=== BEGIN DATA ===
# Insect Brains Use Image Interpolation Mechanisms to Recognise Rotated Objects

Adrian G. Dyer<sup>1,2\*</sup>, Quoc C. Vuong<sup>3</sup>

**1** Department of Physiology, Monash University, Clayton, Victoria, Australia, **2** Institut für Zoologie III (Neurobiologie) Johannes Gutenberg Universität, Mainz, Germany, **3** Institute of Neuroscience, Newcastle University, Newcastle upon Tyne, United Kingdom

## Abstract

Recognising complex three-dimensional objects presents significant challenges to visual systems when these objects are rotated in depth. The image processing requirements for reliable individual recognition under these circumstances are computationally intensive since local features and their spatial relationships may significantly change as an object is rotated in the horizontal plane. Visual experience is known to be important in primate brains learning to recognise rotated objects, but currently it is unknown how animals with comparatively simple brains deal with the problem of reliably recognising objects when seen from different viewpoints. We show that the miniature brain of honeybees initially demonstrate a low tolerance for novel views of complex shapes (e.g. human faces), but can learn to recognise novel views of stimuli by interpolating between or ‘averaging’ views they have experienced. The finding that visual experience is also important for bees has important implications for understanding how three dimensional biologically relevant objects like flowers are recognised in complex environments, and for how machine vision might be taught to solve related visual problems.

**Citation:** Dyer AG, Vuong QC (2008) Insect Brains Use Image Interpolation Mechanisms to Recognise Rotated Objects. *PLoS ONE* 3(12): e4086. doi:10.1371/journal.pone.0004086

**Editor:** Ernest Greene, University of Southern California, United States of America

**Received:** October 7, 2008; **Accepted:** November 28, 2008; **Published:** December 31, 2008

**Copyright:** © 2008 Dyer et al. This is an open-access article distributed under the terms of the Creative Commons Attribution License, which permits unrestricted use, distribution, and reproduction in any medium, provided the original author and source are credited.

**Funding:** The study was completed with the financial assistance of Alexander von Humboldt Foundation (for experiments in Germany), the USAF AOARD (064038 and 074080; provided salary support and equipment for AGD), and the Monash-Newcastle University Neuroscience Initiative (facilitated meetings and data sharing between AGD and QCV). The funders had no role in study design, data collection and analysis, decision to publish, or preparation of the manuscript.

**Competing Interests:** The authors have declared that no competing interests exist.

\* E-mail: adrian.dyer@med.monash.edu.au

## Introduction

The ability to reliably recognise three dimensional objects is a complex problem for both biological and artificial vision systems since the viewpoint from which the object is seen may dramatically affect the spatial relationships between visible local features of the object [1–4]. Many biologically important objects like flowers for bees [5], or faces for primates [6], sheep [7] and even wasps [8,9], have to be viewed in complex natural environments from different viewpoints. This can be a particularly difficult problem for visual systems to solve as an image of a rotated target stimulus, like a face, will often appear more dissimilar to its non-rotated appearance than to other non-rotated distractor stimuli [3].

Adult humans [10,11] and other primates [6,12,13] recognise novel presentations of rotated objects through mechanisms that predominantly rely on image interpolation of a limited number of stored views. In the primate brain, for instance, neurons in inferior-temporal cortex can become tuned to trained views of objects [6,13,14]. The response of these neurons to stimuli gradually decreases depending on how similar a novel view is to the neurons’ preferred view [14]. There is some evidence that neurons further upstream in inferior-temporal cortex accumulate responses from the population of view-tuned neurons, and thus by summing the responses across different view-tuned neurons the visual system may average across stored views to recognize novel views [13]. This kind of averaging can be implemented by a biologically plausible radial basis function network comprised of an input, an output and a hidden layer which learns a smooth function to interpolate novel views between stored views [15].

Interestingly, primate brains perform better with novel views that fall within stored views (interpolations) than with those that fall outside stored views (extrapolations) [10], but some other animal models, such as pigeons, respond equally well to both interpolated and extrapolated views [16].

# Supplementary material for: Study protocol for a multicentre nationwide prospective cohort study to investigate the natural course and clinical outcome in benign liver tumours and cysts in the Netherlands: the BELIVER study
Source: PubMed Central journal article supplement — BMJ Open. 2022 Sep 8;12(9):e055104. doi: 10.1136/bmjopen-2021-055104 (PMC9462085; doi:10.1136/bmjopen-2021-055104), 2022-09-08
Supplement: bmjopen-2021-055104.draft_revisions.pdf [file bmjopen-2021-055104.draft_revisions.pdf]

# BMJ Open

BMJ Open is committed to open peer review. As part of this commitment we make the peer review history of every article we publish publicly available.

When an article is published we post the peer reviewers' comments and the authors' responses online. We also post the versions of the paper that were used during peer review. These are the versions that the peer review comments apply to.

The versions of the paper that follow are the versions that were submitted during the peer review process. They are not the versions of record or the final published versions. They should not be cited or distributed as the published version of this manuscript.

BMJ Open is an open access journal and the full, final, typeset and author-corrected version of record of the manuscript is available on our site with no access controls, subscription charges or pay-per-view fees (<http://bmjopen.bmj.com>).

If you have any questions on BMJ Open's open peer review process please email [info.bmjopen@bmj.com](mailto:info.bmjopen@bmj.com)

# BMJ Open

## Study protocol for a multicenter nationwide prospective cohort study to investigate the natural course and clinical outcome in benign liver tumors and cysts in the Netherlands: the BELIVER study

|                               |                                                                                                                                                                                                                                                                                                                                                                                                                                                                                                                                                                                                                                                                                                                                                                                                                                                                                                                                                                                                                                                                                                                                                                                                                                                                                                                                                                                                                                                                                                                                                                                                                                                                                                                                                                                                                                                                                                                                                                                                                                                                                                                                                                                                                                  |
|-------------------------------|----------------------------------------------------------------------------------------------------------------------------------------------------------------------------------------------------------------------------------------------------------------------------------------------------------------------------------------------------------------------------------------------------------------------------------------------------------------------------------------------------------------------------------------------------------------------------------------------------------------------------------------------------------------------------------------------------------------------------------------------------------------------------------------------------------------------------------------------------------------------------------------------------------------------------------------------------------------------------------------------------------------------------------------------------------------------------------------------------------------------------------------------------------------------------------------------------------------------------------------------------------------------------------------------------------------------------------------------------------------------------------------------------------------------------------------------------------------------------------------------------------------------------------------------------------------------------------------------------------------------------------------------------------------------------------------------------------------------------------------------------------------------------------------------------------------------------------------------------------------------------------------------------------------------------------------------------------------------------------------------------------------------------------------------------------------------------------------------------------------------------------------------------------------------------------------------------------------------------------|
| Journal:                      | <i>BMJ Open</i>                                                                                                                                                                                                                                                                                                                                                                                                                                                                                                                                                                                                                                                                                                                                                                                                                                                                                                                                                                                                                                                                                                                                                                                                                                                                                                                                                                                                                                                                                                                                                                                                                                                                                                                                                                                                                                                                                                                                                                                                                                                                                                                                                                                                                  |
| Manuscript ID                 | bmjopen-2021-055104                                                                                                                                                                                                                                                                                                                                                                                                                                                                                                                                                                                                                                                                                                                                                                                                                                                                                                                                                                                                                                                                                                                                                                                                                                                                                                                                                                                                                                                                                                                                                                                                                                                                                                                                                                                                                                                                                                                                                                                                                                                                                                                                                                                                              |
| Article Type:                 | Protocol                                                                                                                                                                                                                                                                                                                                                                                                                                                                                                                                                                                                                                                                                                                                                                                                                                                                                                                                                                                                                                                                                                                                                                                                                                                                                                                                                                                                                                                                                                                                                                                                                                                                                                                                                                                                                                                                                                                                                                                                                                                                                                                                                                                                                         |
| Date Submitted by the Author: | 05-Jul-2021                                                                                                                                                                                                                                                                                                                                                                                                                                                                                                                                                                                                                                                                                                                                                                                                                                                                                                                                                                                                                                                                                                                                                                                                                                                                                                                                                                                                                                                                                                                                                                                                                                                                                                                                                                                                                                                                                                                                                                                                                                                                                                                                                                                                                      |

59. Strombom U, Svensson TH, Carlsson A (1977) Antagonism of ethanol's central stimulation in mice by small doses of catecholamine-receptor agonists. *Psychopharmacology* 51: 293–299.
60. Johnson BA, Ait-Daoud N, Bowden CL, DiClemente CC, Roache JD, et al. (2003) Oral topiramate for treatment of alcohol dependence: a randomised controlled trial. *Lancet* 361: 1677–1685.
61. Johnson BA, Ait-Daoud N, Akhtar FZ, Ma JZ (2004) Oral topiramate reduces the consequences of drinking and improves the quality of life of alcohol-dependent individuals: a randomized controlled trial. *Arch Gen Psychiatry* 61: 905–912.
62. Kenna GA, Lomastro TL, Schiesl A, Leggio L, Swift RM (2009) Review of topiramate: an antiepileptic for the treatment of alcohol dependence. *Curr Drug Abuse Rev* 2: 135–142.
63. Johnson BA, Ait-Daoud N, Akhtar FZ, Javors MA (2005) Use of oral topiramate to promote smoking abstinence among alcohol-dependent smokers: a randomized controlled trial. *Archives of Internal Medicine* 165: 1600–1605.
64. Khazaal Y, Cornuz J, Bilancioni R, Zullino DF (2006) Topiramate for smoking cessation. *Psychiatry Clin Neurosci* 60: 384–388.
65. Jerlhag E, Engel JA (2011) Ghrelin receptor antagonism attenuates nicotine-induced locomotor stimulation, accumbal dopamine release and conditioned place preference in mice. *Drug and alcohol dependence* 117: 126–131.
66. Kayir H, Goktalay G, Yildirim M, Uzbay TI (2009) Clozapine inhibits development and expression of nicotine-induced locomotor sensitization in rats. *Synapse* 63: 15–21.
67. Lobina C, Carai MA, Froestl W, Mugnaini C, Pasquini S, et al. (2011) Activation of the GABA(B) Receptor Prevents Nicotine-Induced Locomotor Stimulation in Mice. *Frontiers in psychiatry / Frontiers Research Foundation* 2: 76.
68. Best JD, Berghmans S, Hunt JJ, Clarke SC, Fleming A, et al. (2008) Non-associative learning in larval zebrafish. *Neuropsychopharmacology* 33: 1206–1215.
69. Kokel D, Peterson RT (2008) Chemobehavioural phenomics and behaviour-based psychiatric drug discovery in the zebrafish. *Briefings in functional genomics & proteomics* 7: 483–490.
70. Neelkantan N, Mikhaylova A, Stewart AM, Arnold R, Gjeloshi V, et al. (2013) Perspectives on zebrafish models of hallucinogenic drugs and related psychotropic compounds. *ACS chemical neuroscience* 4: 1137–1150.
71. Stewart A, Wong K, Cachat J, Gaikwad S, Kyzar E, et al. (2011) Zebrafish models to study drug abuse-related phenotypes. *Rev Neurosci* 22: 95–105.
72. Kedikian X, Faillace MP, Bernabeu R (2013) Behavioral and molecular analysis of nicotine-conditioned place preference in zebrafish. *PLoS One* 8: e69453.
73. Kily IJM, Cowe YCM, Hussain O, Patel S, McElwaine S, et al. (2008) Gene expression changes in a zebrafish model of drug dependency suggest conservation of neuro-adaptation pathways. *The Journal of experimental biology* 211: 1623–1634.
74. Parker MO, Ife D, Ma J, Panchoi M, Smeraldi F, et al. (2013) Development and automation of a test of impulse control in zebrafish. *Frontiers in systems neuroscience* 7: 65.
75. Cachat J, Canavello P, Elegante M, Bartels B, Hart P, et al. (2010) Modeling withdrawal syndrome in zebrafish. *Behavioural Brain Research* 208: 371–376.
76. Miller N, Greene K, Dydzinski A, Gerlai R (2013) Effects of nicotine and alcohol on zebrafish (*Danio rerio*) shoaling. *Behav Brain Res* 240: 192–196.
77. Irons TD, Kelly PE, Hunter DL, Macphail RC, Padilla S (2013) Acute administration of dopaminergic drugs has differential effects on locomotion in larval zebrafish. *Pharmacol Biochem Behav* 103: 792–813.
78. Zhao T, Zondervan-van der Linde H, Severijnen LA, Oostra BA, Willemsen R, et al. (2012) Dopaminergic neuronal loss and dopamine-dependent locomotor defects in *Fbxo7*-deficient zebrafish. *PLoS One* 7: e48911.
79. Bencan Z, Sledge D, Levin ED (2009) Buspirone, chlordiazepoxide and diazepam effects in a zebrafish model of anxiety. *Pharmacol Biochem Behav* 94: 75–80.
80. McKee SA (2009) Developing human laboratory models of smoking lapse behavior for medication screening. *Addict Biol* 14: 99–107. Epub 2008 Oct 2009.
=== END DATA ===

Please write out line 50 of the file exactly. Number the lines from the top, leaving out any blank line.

75. Cachat J, Canavello P, Elegante M, Bartels B, Hart P, et al. (2010) Modeling withdrawal syndrome in zebrafish. *Behavioural Brain Research* 208: 371–376.